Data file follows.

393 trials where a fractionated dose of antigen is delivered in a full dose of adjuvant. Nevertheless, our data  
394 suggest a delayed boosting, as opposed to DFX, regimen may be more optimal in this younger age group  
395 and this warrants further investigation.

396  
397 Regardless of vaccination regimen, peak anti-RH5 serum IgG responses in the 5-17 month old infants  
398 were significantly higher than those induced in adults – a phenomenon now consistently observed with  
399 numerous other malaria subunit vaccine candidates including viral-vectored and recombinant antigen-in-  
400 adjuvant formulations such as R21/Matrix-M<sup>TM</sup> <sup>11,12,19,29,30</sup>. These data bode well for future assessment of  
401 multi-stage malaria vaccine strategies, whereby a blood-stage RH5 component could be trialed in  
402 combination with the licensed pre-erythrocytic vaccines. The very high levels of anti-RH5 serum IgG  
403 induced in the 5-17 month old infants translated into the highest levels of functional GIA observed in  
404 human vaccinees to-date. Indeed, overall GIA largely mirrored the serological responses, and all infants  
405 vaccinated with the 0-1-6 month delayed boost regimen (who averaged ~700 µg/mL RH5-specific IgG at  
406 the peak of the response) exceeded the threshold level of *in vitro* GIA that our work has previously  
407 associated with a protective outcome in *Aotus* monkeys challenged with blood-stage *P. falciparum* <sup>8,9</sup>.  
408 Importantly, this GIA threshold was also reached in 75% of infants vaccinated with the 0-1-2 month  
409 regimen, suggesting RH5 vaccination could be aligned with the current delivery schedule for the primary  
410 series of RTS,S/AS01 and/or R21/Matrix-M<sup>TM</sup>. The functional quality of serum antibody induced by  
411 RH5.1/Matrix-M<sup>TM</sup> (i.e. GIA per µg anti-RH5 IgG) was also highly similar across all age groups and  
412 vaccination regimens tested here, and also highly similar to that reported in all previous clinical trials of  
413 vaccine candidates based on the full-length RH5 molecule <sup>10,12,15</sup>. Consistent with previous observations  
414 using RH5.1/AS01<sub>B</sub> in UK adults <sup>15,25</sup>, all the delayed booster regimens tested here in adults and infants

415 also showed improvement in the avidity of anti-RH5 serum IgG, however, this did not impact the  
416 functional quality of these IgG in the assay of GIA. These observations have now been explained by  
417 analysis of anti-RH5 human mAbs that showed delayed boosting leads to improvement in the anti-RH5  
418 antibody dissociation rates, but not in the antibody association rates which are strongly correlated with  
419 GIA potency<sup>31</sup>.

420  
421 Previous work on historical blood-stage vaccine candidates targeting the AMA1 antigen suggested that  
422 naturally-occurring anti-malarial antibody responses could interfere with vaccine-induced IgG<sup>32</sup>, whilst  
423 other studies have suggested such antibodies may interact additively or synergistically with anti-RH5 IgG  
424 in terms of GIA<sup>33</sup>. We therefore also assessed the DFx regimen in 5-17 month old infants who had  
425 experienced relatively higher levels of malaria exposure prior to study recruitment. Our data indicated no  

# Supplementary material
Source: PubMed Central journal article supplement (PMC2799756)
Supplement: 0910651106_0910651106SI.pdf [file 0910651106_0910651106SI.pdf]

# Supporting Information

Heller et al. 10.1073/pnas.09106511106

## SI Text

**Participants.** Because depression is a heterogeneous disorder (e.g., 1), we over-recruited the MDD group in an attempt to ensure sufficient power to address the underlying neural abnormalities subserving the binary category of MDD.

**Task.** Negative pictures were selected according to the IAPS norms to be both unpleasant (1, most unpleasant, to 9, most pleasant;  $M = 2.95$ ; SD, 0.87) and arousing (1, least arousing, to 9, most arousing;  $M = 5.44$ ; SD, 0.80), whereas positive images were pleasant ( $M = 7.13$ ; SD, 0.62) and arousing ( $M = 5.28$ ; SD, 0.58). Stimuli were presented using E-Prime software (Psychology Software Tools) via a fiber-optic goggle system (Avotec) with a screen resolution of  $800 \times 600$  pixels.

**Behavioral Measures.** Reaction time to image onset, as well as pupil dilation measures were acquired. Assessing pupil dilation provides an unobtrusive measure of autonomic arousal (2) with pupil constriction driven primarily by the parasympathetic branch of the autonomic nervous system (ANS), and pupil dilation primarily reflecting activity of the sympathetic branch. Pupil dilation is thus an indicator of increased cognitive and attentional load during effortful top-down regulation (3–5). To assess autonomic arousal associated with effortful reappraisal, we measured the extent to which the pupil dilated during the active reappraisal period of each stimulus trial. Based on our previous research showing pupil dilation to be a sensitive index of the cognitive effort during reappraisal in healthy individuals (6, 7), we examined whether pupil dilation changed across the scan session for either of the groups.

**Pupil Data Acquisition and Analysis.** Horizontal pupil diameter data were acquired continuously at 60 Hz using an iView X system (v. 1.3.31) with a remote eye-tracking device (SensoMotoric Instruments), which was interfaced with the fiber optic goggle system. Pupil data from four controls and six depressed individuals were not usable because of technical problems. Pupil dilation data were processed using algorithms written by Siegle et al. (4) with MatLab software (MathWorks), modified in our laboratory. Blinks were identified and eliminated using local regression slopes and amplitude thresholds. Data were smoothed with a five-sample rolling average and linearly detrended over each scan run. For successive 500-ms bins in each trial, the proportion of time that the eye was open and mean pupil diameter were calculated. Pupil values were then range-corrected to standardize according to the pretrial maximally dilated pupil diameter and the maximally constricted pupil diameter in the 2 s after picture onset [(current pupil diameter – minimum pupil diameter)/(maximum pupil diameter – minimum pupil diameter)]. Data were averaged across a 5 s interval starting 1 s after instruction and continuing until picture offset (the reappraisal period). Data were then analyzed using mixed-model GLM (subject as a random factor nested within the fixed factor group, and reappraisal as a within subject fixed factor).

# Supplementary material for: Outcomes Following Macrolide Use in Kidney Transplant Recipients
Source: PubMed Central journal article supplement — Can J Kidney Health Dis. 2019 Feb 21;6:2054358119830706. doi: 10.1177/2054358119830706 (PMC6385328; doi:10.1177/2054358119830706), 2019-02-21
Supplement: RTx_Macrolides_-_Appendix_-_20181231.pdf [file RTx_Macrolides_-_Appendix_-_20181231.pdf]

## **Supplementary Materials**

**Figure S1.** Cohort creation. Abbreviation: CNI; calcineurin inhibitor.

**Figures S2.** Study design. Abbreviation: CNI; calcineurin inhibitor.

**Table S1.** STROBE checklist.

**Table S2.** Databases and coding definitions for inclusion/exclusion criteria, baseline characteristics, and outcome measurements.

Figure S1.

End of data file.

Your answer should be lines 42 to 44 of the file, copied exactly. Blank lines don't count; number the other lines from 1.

**Behavioral Measures.** Reaction time to image onset, as well as pupil dilation measures were acquired. Assessing pupil dilation provides an unobtrusive measure of autonomic arousal (2) with pupil constriction driven primarily by the parasympathetic branch of the autonomic nervous system (ANS), and pupil dilation primarily reflecting activity of the sympathetic branch. Pupil dilation is thus an indicator of increased cognitive and attentional load during effortful top-down regulation (3–5). To assess autonomic arousal associated with effortful reappraisal, we measured the extent to which the pupil dilated during the active reappraisal period of each stimulus trial. Based on our previous research showing pupil dilation to be a sensitive index of the cognitive effort during reappraisal in healthy individuals (6, 7), we examined whether pupil dilation changed across the scan session for either of the groups.

**Pupil Data Acquisition and Analysis.** Horizontal pupil diameter data were acquired continuously at 60 Hz using an iView X system (v. 1.3.31) with a remote eye-tracking device (SensoMotoric Instruments), which was interfaced with the fiber optic goggle system. Pupil data from four controls and six depressed individuals were not usable because of technical problems. Pupil dilation data were processed using algorithms written by Siegle et al. (4) with MatLab software (MathWorks), modified in our laboratory. Blinks were identified and eliminated using local regression slopes and amplitude thresholds. Data were smoothed with a five-sample rolling average and linearly detrended over each scan run. For successive 500-ms bins in each trial, the proportion of time that the eye was open and mean pupil diameter were calculated. Pupil values were then range-corrected to standardize according to the pretrial maximally dilated pupil diameter and the maximally constricted pupil diameter in the 2 s after picture onset [(current pupil diameter – minimum pupil diameter)/(maximum pupil diameter – minimum pupil diameter)]. Data were averaged across a 5 s interval starting 1 s after instruction and continuing until picture offset (the reappraisal period). Data were then analyzed using mixed-model GLM (subject as a random factor nested within the fixed factor group, and reappraisal as a within subject fixed factor).

# Supplementary material for: Outcomes Following Macrolide Use in Kidney Transplant Recipients